- Individuals and businesses can register with preference services to indicate that they do not wish to receive direct marketing by a particular means (for example, by mail or telephone).
Sending unsolicited marketing by post or telephone
- A business can contact individuals and companies on its databases by post or telephone, unless they have stated that they do not wish to receive direct marketing.
- Before sending out marketing, the business must check whether an individual or company has opted out or signed up to the telephone preference service. It is good practice to check the mail preference service as well.
Sending unsolicited marketing by SMS, fax or e-mail
- A business will generally need explicit consent from individuals (including named individuals at a company), but not businesses, to send unsolicited marketing by SMS, fax or e-mail.
- Before sending out marketing to individuals (including named individuals at a company) the business should check that they have given specific consent and that they have not opted out or signed up to a relevant preference service.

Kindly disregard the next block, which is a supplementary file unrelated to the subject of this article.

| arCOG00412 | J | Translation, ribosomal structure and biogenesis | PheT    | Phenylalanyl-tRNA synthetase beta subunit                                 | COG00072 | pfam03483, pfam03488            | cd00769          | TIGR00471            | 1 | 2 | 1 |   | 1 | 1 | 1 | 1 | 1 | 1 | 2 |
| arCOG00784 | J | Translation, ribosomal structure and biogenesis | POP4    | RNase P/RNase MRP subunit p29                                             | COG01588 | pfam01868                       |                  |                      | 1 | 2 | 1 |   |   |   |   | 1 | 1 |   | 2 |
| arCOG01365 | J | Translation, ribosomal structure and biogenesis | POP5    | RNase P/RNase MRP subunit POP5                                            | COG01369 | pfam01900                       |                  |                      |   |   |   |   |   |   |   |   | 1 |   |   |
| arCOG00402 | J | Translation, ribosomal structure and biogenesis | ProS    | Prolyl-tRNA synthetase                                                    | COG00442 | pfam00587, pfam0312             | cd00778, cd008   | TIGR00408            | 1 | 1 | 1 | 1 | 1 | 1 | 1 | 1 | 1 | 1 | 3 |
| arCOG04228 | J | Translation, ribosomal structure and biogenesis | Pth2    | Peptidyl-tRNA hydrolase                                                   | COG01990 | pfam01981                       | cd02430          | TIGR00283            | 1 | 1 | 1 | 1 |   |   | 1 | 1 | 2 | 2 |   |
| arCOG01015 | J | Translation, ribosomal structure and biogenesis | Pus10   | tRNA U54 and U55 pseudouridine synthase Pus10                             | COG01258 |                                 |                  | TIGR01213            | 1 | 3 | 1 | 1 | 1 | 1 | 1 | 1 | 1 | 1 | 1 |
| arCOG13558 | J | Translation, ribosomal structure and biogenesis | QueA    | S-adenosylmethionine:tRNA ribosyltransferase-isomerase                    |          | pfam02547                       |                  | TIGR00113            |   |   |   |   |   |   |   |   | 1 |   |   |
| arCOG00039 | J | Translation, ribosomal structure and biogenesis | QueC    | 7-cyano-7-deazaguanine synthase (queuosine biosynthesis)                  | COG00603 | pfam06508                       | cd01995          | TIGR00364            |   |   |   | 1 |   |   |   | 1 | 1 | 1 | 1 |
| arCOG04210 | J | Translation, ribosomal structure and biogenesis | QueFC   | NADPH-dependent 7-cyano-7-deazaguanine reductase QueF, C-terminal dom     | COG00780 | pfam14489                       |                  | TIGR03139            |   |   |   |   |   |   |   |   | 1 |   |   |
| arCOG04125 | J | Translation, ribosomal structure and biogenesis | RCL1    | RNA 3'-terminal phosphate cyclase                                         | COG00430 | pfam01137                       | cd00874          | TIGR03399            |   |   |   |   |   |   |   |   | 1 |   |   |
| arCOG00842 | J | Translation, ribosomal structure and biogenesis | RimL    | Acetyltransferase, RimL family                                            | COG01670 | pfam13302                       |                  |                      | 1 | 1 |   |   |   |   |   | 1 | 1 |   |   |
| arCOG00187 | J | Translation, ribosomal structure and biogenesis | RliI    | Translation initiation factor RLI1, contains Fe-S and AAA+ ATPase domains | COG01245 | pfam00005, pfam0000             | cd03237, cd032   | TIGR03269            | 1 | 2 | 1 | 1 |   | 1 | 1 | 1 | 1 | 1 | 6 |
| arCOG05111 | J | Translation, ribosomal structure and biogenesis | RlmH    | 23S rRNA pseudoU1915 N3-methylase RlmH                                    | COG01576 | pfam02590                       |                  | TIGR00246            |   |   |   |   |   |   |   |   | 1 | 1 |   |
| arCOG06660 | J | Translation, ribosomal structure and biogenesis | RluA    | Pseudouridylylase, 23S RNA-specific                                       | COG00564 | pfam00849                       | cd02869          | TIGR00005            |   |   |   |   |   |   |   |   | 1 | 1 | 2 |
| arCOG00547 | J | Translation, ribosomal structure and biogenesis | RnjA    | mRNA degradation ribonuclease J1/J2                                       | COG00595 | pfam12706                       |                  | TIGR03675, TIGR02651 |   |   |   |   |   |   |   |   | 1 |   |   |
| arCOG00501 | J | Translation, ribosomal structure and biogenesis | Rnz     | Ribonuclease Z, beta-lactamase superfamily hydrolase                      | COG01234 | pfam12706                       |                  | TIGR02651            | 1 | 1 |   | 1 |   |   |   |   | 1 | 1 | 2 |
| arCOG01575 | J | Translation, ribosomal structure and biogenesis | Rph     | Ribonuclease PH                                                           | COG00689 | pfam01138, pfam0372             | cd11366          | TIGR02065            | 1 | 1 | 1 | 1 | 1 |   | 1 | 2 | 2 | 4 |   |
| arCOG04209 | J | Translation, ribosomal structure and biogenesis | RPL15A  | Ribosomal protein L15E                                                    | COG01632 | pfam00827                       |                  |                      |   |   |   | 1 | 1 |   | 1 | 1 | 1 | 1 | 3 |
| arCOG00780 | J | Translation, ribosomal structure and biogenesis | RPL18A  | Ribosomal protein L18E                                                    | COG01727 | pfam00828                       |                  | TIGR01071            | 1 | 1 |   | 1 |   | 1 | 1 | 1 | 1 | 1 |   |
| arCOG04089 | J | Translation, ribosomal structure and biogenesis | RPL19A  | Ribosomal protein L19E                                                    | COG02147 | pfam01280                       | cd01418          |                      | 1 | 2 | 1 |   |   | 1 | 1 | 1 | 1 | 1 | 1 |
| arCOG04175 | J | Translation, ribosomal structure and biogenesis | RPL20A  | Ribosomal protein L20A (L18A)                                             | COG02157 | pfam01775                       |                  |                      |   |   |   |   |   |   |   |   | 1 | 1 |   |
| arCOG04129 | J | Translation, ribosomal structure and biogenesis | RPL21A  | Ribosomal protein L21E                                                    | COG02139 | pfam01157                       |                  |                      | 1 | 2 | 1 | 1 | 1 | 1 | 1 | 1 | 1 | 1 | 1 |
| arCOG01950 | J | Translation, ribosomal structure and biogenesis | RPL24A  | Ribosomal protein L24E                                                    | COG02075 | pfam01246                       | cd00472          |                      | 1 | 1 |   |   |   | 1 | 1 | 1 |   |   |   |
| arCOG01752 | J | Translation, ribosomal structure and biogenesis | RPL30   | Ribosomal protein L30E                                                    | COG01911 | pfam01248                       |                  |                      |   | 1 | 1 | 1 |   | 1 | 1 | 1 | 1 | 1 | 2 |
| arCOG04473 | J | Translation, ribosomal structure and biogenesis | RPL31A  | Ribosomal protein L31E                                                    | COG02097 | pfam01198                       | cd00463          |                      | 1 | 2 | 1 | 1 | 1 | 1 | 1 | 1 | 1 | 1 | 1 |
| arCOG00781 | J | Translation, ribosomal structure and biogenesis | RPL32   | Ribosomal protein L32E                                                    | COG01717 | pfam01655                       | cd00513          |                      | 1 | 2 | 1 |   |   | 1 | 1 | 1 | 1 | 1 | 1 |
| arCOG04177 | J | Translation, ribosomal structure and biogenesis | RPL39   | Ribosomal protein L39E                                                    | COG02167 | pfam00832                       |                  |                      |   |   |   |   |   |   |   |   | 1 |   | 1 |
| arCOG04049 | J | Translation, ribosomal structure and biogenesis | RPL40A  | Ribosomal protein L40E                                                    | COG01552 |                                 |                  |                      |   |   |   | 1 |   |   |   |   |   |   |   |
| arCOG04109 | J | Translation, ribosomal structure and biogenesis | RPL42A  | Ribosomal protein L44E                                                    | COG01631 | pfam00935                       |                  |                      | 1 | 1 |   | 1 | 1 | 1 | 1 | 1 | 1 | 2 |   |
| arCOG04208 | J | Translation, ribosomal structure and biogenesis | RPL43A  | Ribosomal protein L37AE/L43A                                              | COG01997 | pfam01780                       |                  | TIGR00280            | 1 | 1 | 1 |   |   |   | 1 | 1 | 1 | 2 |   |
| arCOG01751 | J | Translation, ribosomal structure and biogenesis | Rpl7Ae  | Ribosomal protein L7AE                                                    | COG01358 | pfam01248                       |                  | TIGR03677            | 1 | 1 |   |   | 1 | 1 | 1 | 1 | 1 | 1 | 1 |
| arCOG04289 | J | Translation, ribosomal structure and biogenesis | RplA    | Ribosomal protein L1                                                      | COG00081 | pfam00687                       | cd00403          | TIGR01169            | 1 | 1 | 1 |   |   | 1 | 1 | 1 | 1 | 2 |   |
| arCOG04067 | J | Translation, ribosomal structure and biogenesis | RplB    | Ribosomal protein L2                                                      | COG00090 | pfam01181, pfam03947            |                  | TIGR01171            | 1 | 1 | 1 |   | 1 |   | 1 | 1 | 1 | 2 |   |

- Before sending out marketing to a company, the business must check that they have not opted out or signed up to a relevant preference service.
- If a business has collected a customer’s SMS or e-mail details when selling something to them or negotiating to sell something to them, the business can use those details in future to market the same or similar products to them without prior express consent. This is known as the “soft opt in”.
- Businesses are required by law to check databases against the relevant preference service regularly and comply with the preference.
Using external databases
- A business should always take legal advice if it is considering purchasing an external database to make sure that it gets the rights the business needs to use it effectively.